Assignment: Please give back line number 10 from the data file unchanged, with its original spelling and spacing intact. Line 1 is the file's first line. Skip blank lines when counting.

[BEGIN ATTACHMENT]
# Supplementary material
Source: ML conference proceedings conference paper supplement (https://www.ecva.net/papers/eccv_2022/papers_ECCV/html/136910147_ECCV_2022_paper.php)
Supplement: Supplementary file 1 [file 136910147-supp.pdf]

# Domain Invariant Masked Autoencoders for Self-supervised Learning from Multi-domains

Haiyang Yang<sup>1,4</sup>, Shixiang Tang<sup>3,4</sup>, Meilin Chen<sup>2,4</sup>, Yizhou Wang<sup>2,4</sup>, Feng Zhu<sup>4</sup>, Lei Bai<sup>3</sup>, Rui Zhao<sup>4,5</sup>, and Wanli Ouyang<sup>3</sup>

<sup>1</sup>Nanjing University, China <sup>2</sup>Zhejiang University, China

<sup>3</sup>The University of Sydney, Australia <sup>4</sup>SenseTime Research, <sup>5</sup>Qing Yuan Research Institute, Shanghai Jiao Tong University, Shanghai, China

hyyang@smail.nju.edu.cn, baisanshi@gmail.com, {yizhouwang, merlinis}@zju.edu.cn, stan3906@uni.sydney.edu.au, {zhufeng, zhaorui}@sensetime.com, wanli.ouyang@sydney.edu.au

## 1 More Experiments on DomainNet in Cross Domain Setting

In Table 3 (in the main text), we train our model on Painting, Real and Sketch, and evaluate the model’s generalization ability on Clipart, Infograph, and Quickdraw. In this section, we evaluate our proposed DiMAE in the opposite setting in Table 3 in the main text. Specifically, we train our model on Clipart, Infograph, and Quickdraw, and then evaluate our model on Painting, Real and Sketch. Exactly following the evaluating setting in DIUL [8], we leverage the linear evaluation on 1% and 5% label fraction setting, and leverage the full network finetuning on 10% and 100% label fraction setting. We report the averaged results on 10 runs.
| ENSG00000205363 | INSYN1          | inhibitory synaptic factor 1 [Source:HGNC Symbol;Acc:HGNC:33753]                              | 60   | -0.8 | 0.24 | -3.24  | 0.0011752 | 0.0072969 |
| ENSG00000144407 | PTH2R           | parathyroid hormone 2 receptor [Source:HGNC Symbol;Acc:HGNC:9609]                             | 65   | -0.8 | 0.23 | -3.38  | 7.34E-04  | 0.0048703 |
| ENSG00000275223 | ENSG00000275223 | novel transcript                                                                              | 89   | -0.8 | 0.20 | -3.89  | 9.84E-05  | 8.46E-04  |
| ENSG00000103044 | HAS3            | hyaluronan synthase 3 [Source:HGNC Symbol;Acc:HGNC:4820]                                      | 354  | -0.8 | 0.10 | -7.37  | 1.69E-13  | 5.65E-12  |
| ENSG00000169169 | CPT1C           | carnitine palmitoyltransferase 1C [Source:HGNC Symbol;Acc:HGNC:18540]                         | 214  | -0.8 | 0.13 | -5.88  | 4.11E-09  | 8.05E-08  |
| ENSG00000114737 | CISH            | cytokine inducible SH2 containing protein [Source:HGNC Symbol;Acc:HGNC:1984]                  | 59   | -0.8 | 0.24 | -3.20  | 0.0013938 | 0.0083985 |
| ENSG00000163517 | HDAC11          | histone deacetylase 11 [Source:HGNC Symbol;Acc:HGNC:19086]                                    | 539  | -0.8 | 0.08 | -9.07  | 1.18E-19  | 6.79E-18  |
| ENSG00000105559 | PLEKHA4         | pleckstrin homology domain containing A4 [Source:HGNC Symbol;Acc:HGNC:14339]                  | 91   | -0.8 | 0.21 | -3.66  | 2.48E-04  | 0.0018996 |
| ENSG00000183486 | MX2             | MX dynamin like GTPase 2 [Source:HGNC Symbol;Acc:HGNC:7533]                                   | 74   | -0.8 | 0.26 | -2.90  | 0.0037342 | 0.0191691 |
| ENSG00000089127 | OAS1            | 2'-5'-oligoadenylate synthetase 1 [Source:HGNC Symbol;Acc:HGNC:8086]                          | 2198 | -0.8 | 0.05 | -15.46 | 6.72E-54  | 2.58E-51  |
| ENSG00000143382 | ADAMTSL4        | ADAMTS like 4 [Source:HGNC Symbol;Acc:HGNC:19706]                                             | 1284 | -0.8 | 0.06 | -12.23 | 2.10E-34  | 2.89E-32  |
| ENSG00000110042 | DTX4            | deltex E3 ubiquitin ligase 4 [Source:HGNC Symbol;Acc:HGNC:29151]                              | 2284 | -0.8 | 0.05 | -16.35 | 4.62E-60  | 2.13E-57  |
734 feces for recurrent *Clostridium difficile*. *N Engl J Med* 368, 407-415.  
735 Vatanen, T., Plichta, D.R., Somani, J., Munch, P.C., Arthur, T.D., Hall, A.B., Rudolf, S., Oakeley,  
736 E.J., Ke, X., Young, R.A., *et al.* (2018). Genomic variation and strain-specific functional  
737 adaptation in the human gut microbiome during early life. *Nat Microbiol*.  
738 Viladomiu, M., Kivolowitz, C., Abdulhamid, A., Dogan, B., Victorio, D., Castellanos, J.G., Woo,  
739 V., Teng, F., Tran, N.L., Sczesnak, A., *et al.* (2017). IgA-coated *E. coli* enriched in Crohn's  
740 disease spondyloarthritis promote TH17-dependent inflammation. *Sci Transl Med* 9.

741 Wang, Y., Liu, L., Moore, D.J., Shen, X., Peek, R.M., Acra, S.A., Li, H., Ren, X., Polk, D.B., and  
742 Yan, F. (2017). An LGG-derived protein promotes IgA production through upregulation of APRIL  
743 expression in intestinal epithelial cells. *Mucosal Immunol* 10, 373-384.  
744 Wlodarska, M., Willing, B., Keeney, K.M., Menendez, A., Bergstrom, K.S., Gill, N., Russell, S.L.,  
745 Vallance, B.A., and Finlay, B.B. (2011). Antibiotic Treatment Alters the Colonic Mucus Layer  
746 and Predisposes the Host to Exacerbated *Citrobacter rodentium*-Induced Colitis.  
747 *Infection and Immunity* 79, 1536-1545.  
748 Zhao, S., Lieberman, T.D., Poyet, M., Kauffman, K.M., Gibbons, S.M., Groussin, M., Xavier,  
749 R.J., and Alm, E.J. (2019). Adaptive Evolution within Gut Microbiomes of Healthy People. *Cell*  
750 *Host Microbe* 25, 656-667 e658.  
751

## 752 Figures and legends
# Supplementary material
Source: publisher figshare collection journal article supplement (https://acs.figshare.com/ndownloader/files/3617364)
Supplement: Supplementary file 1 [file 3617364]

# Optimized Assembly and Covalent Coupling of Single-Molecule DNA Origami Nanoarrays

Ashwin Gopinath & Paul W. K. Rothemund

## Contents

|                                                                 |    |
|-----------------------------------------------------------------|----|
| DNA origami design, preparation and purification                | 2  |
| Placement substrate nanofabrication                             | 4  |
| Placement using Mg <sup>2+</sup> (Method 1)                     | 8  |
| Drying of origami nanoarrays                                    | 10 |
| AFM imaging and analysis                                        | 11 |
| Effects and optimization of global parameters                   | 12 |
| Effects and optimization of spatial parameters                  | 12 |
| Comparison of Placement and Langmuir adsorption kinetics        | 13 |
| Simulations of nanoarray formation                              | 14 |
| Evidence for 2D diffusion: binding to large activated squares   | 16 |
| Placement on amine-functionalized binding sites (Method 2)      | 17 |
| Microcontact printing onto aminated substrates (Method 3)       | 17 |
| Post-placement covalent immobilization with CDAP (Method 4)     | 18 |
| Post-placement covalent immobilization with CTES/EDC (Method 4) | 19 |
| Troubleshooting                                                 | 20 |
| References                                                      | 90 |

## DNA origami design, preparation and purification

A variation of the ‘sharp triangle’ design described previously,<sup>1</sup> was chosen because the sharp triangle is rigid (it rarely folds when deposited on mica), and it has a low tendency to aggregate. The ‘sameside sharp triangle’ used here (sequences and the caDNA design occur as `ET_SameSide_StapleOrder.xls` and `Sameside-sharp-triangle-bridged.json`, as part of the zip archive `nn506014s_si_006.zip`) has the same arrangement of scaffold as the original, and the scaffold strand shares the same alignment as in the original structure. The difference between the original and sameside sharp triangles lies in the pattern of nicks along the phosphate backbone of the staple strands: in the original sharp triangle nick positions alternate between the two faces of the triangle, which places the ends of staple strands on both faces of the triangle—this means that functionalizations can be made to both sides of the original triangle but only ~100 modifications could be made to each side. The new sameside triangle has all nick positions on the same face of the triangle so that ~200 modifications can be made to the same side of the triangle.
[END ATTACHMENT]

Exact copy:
In Table 3 (in the main text), we train our model on Painting, Real and Sketch, and evaluate the model’s generalization ability on Clipart, Infograph, and Quickdraw. In this section, we evaluate our proposed DiMAE in the opposite setting in Table 3 in the main text. Specifically, we train our model on Clipart, Infograph, and Quickdraw, and then evaluate our model on Painting, Real and Sketch. Exactly following the evaluating setting in DIUL [8], we leverage the linear evaluation on 1% and 5% label fraction setting, and leverage the full network finetuning on 10% and 100% label fraction setting. We report the averaged results on 10 runs.